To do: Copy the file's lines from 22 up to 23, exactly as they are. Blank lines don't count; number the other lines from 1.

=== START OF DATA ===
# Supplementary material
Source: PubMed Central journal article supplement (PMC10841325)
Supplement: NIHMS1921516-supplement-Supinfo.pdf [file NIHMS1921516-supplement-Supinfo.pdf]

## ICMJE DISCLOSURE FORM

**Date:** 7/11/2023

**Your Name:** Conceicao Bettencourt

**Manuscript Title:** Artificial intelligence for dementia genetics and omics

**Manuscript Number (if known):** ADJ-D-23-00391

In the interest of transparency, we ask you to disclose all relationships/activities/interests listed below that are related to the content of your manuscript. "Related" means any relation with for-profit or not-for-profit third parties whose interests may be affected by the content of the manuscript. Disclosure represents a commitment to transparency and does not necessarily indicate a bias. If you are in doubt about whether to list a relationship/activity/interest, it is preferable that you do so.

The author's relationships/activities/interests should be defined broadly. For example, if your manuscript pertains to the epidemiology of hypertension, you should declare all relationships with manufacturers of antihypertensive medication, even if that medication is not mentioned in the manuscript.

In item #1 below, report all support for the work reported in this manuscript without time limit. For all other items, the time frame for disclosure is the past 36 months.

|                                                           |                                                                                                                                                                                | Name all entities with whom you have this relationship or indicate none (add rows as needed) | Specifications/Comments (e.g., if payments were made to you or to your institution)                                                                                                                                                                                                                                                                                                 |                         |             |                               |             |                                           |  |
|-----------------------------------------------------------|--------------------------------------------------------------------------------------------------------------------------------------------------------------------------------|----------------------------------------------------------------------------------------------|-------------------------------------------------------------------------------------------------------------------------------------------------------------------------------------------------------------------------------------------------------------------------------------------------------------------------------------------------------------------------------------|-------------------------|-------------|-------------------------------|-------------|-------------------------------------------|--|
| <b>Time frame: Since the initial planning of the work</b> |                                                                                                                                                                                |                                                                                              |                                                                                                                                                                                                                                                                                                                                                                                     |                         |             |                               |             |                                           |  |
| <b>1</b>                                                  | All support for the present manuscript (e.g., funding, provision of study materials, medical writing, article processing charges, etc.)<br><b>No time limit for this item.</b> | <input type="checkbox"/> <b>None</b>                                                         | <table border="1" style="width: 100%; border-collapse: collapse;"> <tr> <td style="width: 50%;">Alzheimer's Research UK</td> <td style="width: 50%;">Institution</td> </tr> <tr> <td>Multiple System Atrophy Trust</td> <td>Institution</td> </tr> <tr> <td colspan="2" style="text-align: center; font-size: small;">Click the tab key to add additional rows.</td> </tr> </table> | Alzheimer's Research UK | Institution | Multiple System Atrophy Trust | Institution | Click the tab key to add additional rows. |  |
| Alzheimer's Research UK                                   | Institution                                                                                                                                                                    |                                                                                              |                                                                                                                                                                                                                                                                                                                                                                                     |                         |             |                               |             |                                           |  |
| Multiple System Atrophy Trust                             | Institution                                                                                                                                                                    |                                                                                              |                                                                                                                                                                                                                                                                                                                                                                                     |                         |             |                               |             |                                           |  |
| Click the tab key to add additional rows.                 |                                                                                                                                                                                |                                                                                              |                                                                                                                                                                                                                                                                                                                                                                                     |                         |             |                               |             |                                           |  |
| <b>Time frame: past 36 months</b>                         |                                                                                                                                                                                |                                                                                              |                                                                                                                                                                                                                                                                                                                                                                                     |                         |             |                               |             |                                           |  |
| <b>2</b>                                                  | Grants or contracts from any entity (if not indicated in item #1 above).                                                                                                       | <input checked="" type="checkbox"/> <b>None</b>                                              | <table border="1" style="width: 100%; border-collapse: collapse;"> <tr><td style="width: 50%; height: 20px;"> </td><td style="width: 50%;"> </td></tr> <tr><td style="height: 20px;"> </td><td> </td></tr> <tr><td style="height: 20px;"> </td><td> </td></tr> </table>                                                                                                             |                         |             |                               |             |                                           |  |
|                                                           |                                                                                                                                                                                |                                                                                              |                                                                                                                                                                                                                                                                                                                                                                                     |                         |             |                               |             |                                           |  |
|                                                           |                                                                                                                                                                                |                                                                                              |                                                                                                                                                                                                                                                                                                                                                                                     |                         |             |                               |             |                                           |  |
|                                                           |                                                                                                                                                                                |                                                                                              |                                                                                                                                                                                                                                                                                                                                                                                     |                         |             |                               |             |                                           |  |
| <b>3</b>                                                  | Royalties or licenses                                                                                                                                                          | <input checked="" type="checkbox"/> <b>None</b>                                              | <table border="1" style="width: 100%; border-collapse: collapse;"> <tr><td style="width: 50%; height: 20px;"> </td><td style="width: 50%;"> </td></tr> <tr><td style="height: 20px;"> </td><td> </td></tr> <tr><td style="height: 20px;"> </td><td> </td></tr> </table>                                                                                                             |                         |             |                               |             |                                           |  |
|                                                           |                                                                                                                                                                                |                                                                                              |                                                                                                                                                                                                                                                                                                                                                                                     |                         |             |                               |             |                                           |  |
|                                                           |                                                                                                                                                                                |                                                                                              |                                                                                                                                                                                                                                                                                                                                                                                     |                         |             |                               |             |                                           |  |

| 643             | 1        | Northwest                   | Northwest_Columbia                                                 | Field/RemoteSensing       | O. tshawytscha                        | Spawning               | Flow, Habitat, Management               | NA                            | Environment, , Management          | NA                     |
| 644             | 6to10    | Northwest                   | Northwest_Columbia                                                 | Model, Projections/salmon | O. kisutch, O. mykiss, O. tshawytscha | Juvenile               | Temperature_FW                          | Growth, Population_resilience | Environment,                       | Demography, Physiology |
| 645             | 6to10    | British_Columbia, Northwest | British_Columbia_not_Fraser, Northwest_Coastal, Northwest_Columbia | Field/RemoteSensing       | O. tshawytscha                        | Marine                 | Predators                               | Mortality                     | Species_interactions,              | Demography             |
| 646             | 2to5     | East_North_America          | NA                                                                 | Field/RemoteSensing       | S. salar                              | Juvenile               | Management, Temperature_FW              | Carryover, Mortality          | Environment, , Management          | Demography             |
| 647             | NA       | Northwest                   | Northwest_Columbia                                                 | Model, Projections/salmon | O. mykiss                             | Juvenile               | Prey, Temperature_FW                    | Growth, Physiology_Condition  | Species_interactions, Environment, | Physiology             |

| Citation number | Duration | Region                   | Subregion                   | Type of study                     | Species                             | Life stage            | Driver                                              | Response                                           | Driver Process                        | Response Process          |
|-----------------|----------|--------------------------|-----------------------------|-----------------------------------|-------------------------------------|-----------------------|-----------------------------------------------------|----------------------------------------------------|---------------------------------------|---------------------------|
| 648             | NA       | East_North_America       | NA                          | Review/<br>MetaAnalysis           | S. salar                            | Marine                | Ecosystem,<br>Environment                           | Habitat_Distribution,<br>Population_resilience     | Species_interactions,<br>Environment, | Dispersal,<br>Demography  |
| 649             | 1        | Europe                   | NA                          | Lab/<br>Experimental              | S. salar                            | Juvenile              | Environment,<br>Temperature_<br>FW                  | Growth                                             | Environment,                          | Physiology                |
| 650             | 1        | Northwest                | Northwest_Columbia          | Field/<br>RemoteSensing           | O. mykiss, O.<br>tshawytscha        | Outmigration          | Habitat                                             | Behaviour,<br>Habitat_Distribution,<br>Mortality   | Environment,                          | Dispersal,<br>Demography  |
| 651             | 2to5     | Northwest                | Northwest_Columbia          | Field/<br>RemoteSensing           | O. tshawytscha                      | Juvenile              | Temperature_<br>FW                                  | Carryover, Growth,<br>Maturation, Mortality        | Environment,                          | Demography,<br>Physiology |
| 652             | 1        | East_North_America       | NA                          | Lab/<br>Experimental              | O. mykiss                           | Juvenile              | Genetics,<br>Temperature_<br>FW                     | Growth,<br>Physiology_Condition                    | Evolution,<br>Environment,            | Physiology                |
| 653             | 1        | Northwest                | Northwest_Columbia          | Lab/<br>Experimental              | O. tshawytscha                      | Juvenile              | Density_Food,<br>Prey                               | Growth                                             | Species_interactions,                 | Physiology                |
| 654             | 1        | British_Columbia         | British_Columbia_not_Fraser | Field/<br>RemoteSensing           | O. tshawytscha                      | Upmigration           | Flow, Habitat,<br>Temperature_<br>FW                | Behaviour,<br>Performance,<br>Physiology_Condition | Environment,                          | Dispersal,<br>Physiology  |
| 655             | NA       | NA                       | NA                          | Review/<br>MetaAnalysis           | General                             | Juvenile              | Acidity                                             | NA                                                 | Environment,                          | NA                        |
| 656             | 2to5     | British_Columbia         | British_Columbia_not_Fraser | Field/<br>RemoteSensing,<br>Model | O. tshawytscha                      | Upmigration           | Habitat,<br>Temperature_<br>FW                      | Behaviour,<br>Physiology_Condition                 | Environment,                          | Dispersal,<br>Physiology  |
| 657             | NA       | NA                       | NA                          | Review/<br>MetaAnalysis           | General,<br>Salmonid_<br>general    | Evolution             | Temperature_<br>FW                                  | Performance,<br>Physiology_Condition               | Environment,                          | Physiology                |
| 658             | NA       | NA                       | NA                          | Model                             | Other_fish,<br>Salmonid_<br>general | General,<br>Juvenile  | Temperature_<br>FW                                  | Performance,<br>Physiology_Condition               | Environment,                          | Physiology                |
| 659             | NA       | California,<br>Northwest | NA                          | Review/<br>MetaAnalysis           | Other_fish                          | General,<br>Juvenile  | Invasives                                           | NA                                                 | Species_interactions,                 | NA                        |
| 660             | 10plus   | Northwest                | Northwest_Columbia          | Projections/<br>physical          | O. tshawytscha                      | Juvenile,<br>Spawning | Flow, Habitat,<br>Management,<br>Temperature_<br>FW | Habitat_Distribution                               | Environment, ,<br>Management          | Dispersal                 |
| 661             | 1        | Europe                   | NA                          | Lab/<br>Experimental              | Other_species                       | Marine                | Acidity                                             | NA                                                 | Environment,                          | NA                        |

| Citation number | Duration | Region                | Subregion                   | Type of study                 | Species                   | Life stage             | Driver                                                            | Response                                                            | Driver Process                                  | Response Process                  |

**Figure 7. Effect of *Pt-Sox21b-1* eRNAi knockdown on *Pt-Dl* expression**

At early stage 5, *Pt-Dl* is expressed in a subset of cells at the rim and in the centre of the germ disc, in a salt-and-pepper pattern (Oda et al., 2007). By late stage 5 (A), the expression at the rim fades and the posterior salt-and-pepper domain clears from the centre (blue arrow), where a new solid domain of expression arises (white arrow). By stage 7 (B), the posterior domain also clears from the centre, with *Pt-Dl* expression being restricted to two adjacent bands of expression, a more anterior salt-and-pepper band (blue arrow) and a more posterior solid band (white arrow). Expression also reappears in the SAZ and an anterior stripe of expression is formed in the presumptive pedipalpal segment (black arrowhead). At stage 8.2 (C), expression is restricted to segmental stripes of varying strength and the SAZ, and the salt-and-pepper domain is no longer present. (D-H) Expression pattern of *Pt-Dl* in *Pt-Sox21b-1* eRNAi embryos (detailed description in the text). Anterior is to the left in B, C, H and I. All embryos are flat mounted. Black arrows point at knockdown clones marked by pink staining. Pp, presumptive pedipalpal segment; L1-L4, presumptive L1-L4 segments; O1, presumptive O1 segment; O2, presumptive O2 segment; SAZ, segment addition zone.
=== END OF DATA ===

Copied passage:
|                                                           |                                                                                                                                                                                |                                                                                              |                                                                                                                                                                                                                                                                                                                                                                                     |                         |             |                               |             |                                           |  |
|                                                           |                                                                                                                                                                                |                                                                                              |                                                                                                                                                                                                                                                                                                                                                                                     |                         |             |                               |             |                                           |  |